The most common symptoms of thyroid cancer are typically painless swelling in the front of the neck, below the Adam’s apple and difficulty swallowing.
Stage 4 Thyroid Cancer and Early Stage Diagnosis – the cancer that some people just love to call the “good cancer.” Let’s be perfectly honest – there is no good cancer. For more on my feelings about this, check out “The Good, The Bad, and The Ugly: Thyroid Cancer.” Despite being pregnant when I was diagnosed, I was fairly lucky – we caught it fairly early, with no distant spread and only a couple of lymph nodes with suspected spread. Why was my cancer caught so early? Well, I’ve had thyroid disease for almost my entire life, so frequent checks on my neck are a thing for me. But not everyone has those checkups. Heck, until I was diagnosed with hypothyroidism at 11, I didn’t even know I had a thyroid. With that being said, let’s take some time today to talk about late stage thyroid cancer, its symptoms, outlook, and treatment options.
The most common symptoms of thyroid cancer are typically painless swelling in the front of the neck, below the Adam’s apple and difficulty swallowing. Lymph nodes may also swell if the disease has spread to them. Its important to understand that there are four different types of thyroid cancer – papillary, follicular, medullary, and anaplastic. Papillary thyroid cancer likes to spread to the lymph node, lungs and bones, while follicular thyroid cancer spreads more easily to blood vessels. Anaplastic thyroid cancer, due to its highly aggressive nature, is considered metastatic from the moment it is diagnosed. With that being said, the symptoms of metastatic disease, in any of these four types, will depend upon the type of thyroid cancer, due to the differing locations of spread. As such, symptoms of distant spread could be difficulty breathing, poor circulation, bone pain, and many others.
Again, this varies based upon the type of thyroid cancer, but the five-year survival rates are as follows:
I’m about to sound like a broken record, but this again depends on the type of cancer. For almost all types the first step in treatment is a total thyroidectomy. For patients diagnosed at earlier stages, whose disease has progressed, any remaining thyroid tissue and involved lymph nodes will likely be removed. This is known as a radical neck dissection. Further treatment for papillary and follicular carcinomas involves radioactive iodine treatment. Sadly, these two types of thyroid cancer can become resistant to radioactive iodine, and thus may require radiation and/or chemotherapy.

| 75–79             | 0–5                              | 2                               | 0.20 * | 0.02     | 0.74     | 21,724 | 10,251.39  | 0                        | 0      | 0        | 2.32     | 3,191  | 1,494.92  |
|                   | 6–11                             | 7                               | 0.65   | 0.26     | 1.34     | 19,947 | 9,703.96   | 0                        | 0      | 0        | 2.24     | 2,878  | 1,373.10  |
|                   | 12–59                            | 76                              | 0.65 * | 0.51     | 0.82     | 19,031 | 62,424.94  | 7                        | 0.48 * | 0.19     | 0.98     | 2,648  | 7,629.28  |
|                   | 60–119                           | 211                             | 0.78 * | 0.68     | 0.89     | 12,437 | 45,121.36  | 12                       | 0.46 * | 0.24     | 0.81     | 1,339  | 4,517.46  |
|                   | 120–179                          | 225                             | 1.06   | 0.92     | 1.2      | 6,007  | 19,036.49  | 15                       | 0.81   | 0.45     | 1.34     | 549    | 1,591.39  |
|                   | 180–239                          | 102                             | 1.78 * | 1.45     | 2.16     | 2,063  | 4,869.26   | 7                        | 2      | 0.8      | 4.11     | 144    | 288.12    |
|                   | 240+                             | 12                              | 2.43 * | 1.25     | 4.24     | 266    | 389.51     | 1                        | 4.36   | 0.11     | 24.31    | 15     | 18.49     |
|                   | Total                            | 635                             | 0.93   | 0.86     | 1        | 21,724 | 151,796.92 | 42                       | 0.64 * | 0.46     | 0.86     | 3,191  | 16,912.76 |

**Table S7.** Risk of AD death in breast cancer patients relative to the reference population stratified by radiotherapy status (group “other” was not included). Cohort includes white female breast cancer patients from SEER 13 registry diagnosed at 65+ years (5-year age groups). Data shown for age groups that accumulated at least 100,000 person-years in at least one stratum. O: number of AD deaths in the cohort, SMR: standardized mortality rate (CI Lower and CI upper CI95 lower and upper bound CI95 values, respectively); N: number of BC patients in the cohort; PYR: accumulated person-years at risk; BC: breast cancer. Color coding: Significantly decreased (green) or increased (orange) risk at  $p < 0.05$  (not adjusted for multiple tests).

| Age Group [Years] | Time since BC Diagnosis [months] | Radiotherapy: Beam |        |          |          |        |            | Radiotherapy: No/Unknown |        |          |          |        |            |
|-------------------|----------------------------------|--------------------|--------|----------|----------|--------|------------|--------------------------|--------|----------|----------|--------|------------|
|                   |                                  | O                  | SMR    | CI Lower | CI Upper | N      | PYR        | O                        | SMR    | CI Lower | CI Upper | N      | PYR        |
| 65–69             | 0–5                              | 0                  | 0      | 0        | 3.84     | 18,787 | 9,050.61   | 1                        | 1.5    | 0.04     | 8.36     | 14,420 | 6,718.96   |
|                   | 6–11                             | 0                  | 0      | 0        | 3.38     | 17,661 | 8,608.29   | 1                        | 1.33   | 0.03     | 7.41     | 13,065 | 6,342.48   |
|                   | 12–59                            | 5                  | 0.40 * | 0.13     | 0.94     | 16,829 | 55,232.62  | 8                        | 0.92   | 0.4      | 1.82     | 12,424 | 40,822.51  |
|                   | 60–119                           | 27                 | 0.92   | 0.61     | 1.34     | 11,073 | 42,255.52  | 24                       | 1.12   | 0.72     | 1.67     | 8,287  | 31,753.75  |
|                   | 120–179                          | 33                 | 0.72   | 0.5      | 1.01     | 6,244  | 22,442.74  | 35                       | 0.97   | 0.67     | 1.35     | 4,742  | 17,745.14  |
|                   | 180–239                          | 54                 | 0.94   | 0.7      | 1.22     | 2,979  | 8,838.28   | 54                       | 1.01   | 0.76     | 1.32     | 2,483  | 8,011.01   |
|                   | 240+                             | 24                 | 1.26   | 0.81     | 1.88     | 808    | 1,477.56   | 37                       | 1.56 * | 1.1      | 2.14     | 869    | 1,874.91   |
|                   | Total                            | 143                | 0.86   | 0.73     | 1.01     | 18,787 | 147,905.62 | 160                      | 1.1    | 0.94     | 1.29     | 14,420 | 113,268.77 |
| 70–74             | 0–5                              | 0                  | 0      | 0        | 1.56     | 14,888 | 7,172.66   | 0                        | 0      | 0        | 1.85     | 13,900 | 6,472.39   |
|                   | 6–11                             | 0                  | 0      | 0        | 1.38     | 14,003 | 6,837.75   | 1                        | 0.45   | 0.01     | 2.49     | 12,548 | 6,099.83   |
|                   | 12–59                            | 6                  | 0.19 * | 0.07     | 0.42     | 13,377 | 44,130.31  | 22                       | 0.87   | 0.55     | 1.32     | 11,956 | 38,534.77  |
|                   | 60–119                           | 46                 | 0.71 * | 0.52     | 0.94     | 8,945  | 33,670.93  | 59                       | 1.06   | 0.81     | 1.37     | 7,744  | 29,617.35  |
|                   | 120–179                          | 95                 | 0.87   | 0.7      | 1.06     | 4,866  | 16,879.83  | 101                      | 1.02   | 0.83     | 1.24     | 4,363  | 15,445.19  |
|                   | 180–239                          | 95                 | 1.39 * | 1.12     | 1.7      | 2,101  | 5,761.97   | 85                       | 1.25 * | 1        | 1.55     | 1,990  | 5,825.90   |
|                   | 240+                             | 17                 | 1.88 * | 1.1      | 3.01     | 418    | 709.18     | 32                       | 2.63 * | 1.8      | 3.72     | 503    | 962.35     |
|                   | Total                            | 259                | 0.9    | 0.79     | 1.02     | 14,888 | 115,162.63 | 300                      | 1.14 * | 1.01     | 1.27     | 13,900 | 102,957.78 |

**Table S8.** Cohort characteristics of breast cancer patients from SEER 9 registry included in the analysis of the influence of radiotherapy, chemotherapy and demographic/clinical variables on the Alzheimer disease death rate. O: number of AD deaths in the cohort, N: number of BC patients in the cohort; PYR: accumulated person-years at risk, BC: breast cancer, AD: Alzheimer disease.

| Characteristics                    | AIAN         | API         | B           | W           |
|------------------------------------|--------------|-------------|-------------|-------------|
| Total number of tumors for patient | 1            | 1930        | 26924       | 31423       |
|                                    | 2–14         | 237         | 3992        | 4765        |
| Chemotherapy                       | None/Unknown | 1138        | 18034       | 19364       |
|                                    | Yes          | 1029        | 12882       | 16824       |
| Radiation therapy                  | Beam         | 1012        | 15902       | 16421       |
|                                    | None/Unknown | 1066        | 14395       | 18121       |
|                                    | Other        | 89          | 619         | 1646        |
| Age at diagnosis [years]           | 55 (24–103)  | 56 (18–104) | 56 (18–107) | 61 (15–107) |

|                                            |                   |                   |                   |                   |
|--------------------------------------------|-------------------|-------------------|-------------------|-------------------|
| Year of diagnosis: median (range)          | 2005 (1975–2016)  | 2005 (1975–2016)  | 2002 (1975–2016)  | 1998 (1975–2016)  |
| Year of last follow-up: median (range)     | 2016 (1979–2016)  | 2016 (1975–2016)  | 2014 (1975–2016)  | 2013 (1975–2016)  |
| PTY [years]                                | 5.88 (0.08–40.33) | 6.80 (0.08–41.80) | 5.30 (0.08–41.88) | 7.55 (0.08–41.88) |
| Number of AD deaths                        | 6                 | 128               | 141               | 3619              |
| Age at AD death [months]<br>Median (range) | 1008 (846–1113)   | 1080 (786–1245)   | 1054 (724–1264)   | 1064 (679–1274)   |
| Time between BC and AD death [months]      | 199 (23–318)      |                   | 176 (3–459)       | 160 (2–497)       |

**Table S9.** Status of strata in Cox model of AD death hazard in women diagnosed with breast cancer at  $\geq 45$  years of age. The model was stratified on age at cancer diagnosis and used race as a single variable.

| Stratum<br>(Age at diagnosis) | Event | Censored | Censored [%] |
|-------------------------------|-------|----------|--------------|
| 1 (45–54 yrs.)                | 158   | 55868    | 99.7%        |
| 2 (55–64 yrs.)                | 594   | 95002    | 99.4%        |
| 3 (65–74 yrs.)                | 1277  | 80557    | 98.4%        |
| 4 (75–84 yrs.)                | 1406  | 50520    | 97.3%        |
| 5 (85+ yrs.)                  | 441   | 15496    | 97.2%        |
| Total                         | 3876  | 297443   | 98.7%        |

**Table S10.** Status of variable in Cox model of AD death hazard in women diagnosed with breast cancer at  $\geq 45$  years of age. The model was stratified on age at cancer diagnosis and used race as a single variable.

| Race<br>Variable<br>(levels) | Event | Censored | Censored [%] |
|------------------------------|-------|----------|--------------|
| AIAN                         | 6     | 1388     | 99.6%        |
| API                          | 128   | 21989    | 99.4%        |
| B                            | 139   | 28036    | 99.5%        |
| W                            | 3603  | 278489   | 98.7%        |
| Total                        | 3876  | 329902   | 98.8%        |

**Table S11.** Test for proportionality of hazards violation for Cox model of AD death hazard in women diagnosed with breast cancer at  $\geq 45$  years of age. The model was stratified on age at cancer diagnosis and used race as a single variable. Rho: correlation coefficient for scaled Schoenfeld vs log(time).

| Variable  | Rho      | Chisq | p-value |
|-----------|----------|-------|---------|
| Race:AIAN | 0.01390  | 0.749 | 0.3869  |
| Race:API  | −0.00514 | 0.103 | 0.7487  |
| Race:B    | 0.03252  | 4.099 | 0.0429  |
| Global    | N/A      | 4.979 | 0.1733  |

Medullary and ananplastic diseases, however, are not sensitive to radioactive iodine at all, and must begin with surgery, followed by radiation/chemotherapy. Further targeted treatments are possible utilizing biomarkers and genetic traits of the tumor.
Surgical removal of metastases has been utilized in some patients, but it should be understood that the primary outcome with these surgeries is to improve quality of life.
For those of us that have been diagnosed with any type of cancer, we often worry about our family members, and for me, especially my babies. Wonderful new research out of Penn State University has revealed a mutation in the DUOX2 gene may be at least partly responsible for many non-medullary thyroid cancers. This gene is responsible for producing hydrogen peroxide within the thyroid, which is a needed compound in the production of thyroid hormones. When the mutation is present in this gene, the production of hydrogen peroxide does not turn off at the right time, which can cause further genetic damage to the thyroid – which as we have learned – is a precursor to cancer. What a blessing it could be to discover a genetic marker that could enable early identification of many thyroid cancers!
As always, much love, many prayers, and abundant blessings to all of the warriors out there!!